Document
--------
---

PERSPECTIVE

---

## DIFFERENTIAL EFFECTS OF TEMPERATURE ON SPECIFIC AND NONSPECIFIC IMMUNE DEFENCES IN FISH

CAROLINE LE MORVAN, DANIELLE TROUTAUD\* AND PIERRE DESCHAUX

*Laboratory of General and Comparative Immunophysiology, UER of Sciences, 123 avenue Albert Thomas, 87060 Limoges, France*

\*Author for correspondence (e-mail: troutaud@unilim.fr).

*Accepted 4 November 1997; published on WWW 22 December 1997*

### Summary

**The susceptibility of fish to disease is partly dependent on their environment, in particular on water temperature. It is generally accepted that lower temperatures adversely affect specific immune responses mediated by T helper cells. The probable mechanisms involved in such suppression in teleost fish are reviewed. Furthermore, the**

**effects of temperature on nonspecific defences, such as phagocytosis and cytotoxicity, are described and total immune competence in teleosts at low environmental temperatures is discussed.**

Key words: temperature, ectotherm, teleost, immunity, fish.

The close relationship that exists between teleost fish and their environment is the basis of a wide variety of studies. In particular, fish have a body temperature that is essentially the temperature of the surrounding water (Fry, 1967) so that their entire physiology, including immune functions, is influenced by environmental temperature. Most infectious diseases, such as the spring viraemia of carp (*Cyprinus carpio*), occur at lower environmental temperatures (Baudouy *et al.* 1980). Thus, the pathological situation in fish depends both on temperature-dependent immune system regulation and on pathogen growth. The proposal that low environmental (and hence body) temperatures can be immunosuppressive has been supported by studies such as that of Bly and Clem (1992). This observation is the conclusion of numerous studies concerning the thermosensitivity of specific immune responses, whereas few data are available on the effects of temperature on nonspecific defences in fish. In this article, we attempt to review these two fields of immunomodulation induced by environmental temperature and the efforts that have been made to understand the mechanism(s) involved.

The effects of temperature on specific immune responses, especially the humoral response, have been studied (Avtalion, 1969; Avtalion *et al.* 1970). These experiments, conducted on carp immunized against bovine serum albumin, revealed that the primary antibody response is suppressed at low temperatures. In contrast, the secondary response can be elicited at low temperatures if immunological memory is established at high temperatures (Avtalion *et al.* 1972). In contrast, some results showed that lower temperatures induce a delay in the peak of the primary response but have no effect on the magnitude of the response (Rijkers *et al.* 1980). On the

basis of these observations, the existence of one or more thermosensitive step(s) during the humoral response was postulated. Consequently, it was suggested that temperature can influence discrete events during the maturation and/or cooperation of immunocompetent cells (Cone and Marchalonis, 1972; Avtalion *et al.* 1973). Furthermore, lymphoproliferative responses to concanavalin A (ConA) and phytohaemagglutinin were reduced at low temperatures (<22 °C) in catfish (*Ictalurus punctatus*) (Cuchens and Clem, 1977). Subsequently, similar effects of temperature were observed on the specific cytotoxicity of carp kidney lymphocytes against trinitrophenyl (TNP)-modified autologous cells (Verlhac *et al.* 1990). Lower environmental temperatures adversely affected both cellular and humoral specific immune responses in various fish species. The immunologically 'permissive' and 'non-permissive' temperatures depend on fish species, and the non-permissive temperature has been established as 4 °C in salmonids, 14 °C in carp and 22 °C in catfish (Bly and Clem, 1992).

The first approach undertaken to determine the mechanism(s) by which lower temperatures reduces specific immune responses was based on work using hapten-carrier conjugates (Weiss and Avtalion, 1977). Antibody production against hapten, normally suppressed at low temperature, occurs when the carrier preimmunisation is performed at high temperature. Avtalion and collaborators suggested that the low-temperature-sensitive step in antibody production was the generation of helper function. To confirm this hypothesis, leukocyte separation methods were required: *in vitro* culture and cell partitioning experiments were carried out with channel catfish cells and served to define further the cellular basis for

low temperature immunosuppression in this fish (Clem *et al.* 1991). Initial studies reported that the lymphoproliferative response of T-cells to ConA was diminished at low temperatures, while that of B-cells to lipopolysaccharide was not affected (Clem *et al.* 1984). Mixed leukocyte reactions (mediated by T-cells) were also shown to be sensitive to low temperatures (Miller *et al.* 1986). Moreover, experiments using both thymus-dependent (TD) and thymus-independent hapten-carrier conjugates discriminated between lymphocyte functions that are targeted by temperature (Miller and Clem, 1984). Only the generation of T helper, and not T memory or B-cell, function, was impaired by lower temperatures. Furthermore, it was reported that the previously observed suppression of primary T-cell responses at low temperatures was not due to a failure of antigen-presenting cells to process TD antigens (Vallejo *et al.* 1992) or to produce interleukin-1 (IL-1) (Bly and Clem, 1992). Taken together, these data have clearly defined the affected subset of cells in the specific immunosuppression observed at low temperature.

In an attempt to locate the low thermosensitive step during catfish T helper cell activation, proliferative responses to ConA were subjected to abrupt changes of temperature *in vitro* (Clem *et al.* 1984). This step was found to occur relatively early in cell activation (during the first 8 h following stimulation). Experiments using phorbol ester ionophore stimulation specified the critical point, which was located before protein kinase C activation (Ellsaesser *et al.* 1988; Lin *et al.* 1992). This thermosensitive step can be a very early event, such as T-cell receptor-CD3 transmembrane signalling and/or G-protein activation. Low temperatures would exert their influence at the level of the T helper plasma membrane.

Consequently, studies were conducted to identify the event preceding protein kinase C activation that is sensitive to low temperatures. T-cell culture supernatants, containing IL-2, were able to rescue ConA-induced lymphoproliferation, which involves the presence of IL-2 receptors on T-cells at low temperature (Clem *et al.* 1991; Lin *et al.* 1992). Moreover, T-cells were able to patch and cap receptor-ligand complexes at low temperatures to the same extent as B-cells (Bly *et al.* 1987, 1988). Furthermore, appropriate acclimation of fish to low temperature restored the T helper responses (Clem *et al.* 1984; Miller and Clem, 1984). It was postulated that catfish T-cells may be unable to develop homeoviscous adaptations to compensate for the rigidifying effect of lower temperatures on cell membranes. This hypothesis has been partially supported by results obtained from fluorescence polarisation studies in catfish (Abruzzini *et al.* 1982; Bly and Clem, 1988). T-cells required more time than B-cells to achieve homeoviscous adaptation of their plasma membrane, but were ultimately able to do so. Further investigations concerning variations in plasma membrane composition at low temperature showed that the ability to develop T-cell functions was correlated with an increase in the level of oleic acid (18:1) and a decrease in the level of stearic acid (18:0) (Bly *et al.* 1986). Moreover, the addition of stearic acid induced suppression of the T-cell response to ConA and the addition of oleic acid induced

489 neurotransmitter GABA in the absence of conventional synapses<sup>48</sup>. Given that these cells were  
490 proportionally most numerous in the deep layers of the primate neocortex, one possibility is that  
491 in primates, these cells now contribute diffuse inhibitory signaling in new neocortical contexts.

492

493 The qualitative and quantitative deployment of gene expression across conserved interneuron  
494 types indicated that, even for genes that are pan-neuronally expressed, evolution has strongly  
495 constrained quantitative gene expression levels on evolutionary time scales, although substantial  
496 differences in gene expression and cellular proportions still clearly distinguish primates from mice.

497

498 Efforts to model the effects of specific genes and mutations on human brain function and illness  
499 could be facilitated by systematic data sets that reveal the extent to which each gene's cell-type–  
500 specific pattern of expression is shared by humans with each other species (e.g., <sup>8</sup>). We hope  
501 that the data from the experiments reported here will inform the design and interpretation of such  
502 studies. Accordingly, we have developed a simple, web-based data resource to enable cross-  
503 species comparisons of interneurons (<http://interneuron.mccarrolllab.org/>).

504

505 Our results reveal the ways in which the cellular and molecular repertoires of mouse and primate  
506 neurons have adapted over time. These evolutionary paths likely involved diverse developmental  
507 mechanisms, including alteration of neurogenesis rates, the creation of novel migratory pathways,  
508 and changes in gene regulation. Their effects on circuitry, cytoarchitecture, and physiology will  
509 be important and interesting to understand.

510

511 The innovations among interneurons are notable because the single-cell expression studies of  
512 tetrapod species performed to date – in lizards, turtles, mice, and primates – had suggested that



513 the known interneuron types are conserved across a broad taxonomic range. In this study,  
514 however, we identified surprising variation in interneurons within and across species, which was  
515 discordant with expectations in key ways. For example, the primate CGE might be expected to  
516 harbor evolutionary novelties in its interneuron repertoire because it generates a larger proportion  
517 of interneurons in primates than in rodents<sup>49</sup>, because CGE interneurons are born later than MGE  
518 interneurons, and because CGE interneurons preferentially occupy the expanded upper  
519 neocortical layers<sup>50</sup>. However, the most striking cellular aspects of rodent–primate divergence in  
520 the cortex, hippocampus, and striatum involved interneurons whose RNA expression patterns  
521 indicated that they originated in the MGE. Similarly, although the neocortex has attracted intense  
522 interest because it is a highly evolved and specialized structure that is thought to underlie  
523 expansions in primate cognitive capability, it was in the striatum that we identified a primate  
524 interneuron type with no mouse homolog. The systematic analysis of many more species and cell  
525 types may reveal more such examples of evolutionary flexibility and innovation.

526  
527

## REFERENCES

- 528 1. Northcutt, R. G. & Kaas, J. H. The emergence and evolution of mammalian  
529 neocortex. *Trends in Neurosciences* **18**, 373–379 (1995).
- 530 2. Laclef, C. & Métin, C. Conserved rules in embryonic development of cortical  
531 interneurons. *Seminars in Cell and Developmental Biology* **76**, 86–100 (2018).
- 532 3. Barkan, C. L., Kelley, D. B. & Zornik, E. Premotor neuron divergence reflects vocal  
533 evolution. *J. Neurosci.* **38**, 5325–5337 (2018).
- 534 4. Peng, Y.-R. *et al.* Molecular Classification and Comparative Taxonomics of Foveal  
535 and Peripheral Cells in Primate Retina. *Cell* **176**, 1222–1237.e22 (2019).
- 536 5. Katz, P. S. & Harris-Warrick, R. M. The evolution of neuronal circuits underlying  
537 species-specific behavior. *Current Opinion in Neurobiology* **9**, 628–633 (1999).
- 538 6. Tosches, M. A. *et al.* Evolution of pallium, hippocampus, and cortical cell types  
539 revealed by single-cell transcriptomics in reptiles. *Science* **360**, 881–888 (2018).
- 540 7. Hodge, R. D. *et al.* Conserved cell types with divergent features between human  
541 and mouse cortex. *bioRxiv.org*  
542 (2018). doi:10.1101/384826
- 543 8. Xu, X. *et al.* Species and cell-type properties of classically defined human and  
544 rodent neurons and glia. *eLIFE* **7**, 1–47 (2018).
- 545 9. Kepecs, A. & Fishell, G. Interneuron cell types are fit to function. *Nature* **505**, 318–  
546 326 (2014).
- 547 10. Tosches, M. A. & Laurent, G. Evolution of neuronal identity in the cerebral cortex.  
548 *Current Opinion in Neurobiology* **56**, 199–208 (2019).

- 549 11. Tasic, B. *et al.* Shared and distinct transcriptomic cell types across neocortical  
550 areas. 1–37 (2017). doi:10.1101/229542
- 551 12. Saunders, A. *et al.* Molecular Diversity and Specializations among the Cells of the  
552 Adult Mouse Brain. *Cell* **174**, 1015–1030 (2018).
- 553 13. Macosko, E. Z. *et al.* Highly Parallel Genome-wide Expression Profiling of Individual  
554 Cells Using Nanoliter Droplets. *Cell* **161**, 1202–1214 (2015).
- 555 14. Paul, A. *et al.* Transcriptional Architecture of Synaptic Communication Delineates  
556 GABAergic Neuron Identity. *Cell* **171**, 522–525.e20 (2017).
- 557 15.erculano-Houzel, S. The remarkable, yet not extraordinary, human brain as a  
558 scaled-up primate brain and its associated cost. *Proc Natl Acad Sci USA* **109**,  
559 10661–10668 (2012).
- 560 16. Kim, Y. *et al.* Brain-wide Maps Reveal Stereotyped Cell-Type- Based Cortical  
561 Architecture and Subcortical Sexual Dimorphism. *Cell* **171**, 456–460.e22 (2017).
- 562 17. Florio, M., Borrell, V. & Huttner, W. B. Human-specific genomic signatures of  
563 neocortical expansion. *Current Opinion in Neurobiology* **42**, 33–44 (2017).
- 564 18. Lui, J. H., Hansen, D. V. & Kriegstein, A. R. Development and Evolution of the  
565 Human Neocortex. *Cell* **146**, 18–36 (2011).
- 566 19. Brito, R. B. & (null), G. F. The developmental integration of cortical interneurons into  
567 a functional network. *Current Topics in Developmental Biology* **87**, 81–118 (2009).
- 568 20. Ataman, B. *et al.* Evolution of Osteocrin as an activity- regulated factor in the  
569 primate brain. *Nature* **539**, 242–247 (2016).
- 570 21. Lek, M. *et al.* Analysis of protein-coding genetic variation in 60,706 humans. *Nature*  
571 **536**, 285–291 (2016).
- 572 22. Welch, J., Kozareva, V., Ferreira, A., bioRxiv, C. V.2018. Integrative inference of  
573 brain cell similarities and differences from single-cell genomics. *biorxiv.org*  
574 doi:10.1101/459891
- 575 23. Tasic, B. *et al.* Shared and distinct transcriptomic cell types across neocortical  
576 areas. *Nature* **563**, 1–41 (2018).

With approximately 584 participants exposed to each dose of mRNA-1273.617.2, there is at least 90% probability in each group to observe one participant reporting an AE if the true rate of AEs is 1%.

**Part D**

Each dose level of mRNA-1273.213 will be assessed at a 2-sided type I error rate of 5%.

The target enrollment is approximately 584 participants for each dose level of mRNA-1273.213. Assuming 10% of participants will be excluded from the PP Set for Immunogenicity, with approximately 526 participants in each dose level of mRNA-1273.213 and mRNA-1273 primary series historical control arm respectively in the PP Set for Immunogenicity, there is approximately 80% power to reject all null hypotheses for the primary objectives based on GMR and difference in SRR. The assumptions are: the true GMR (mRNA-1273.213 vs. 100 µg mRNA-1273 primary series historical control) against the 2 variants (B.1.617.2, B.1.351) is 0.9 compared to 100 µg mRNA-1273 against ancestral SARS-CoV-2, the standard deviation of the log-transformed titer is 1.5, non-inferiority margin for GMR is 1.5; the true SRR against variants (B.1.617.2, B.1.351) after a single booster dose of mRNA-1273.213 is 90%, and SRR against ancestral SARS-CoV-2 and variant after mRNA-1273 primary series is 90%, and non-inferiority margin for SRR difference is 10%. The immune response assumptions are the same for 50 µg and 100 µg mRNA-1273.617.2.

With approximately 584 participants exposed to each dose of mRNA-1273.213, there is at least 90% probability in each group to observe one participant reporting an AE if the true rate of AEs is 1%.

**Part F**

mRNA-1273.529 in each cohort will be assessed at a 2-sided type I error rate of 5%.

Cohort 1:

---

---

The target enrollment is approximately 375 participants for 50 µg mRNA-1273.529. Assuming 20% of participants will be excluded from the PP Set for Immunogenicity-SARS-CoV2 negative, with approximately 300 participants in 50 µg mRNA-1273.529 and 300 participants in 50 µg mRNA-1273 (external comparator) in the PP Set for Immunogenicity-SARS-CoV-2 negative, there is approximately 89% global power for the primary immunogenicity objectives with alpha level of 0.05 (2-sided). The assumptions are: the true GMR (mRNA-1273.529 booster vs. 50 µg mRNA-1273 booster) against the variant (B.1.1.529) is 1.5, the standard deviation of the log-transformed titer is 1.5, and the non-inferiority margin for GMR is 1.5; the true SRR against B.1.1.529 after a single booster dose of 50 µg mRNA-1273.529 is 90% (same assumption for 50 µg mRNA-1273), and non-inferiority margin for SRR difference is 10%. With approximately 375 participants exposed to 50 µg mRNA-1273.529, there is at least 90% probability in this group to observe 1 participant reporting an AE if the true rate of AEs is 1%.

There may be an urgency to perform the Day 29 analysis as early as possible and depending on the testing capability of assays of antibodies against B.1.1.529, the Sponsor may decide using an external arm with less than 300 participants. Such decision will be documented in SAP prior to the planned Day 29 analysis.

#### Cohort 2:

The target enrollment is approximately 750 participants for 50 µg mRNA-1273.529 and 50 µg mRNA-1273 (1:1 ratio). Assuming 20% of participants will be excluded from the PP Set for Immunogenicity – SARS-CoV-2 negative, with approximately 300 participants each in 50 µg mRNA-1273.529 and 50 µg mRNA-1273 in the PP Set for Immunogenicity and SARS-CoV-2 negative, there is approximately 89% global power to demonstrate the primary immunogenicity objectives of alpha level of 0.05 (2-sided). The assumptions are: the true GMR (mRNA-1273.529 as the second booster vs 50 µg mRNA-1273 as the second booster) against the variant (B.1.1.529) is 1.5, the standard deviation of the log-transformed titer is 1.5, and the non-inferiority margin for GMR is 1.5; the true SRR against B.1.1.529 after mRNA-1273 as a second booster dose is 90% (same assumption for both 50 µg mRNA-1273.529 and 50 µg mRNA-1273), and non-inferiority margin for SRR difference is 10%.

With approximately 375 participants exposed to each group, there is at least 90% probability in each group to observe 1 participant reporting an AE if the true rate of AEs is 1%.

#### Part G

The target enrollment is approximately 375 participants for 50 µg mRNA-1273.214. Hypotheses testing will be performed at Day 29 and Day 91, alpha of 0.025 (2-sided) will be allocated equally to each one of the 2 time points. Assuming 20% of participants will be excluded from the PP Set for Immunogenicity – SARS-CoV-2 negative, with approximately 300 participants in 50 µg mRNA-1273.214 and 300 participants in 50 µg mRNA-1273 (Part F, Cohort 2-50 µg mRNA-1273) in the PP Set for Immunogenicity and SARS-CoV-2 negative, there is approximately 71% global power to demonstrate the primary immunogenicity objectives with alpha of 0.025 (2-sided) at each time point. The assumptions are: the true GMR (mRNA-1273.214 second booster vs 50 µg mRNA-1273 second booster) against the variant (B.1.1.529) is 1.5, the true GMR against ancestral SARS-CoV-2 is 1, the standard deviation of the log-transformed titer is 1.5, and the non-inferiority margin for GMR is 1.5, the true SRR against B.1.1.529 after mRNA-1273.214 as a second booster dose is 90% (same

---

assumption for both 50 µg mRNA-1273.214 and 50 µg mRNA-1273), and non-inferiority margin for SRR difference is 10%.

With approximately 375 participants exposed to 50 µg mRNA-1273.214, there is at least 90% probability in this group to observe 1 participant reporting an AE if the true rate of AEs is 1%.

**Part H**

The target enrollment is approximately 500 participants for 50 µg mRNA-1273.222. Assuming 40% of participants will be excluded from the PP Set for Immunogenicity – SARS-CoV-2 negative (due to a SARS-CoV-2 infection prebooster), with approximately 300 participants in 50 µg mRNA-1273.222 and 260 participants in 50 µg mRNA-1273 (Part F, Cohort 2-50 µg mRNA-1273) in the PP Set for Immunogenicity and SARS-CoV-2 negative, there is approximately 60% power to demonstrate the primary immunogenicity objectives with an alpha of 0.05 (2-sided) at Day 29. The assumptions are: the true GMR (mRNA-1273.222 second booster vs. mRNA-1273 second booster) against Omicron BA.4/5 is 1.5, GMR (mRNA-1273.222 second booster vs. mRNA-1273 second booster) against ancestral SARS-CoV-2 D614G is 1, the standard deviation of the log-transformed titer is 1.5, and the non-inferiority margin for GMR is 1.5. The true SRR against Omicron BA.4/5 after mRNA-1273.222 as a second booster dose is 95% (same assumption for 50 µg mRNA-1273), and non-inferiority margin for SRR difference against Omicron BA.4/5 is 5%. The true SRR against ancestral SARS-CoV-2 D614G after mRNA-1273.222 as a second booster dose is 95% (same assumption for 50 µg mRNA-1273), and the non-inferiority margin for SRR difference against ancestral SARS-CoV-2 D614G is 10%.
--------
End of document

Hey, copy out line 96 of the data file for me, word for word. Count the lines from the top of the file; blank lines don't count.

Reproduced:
- 564 18. Lui, J. H., Hansen, D. V. & Kriegstein, A. R. Development and Evolution of the  